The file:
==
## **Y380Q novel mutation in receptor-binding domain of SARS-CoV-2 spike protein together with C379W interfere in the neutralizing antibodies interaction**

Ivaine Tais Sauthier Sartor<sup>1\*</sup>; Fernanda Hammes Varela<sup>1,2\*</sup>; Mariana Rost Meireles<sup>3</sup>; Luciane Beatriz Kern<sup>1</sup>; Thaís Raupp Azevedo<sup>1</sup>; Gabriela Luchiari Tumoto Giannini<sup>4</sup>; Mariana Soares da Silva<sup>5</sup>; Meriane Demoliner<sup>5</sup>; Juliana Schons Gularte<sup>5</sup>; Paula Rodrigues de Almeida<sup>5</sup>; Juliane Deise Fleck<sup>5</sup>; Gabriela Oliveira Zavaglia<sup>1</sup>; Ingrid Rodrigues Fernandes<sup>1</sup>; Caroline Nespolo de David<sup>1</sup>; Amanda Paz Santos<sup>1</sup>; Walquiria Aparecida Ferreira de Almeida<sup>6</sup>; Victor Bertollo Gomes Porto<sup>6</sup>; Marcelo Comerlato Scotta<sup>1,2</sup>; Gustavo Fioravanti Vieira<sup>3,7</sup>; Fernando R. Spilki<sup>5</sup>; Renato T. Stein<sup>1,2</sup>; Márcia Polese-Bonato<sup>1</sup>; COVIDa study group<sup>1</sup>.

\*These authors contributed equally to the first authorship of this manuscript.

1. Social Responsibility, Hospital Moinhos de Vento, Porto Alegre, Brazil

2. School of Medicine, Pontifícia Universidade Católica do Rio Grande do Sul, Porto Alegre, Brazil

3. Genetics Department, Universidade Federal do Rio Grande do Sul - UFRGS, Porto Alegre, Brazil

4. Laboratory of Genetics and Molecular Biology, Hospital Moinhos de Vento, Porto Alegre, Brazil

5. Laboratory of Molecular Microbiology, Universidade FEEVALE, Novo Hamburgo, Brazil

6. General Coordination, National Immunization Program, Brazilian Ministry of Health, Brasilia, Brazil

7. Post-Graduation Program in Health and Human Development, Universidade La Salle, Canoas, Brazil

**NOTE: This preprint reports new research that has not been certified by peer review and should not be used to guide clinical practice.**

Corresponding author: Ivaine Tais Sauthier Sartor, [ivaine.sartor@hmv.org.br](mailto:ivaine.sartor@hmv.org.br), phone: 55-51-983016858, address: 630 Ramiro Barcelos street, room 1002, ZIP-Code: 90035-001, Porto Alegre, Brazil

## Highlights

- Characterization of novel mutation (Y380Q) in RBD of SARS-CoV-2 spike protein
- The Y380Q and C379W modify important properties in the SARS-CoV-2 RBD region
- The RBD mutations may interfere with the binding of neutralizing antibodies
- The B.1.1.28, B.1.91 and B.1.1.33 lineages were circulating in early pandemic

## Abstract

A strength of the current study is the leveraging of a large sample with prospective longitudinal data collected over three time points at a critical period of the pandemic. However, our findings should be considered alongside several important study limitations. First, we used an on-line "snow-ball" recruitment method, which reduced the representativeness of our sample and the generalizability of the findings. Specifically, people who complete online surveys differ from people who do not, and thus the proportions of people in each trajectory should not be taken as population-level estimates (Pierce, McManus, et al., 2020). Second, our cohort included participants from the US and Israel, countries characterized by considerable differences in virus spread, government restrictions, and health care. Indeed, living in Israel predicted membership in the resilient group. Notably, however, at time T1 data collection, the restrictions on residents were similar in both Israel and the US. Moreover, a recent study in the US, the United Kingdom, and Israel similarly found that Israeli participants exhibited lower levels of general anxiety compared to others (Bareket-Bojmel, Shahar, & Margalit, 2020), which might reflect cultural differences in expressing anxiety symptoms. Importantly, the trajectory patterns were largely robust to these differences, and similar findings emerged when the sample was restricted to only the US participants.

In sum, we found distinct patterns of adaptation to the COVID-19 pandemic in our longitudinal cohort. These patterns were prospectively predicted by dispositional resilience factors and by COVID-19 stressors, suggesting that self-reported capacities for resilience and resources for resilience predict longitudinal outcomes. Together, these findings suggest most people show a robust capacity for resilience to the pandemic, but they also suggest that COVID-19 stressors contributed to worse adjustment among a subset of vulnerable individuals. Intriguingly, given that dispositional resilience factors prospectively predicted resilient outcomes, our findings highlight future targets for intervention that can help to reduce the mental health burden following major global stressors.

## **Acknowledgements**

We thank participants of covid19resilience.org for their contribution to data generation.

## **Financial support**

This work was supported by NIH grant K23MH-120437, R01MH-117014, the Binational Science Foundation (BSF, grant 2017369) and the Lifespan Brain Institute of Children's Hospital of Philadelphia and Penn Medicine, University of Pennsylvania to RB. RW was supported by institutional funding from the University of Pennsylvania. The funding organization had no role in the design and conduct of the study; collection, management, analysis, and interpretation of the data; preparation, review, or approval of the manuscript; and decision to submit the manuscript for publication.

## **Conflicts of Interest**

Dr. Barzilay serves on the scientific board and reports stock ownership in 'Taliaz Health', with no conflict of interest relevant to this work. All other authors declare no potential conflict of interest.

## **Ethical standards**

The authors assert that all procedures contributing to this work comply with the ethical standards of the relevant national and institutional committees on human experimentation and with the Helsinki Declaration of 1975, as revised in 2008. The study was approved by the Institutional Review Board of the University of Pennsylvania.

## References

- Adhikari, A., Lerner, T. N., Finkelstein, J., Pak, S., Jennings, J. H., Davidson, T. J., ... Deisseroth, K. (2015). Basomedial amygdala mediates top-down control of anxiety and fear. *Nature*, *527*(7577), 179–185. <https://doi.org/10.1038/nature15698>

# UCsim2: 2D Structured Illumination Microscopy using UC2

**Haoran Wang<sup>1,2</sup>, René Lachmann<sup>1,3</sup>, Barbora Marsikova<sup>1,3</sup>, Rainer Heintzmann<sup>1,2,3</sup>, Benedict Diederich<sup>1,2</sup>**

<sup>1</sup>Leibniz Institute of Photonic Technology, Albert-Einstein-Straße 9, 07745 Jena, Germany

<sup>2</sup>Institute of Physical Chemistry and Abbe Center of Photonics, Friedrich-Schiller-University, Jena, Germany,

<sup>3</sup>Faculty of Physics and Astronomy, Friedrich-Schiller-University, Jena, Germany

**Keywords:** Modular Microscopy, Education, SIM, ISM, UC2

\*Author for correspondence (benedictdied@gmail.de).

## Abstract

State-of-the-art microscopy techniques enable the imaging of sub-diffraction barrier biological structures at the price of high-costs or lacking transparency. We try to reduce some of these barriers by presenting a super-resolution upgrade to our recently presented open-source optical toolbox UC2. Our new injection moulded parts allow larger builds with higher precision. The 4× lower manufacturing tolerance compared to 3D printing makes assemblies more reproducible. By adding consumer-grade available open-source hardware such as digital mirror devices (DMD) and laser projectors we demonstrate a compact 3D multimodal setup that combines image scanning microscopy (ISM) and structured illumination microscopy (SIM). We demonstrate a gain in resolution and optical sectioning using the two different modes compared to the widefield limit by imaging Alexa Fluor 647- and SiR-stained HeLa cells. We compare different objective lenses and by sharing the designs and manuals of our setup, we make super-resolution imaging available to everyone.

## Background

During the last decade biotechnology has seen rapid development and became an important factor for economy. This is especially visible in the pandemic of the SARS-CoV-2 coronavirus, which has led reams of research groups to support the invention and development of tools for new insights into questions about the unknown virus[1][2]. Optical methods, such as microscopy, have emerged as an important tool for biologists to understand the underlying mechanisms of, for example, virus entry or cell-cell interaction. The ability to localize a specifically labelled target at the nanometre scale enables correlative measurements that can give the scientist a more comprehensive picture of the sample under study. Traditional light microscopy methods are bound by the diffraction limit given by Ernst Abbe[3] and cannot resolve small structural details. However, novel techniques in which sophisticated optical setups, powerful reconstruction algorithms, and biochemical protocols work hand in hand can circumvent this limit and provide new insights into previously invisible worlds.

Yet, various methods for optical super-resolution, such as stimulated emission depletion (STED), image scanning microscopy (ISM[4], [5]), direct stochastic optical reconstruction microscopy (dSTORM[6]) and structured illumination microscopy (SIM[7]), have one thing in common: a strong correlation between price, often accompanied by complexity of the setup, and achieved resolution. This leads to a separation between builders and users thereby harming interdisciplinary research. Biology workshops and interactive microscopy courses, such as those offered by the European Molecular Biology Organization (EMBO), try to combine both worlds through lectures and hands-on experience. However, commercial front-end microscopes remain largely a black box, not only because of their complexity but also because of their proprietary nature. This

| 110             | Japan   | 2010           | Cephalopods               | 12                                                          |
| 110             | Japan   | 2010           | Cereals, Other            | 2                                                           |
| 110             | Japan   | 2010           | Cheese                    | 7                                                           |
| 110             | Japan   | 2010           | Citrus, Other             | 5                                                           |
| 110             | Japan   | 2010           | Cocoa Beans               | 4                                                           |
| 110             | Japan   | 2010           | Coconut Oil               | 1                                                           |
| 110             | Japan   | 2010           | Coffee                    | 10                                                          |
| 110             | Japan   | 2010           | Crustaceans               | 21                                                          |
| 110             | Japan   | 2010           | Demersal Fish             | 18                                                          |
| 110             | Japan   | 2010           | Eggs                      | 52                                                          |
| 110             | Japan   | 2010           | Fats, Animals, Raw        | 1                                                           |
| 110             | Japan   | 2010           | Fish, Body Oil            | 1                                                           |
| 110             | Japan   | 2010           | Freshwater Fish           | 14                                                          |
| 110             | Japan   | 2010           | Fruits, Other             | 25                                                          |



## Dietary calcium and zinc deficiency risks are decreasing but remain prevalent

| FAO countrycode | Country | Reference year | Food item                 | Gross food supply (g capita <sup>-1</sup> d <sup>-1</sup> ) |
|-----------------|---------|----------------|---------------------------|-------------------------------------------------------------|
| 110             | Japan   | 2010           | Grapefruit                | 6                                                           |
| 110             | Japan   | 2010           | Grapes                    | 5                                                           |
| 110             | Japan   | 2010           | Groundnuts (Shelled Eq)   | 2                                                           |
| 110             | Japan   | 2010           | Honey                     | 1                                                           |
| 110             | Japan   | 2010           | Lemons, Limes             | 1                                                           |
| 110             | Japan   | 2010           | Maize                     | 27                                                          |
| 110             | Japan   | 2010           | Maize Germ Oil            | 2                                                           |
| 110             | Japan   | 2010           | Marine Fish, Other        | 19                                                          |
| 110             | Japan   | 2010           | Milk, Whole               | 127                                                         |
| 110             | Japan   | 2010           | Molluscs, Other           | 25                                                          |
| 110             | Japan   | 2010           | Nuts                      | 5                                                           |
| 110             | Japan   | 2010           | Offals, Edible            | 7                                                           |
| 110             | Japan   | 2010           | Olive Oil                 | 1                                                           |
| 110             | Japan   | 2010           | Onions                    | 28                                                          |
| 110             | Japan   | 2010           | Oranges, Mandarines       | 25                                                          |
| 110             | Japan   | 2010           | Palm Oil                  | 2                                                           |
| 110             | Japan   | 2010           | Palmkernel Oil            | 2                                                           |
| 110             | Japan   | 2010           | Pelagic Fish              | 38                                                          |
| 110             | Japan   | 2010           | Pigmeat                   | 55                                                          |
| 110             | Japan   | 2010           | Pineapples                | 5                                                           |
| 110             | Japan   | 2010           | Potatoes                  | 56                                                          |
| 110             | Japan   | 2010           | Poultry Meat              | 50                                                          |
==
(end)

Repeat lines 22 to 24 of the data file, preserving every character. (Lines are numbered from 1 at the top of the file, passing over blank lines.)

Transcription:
We thank participants of covid19resilience.org for their contribution to data generation.

## **Financial support**

This work was supported by NIH grant K23MH-120437, R01MH-117014, the Binational Science Foundation (BSF, grant 2017369) and the Lifespan Brain Institute of Children's Hospital of Philadelphia and Penn Medicine, University of Pennsylvania to RB. RW was supported by institutional funding from the University of Pennsylvania. The funding organization had no role in the design and conduct of the study; collection, management, analysis, and interpretation of the data; preparation, review, or approval of the manuscript; and decision to submit the manuscript for publication.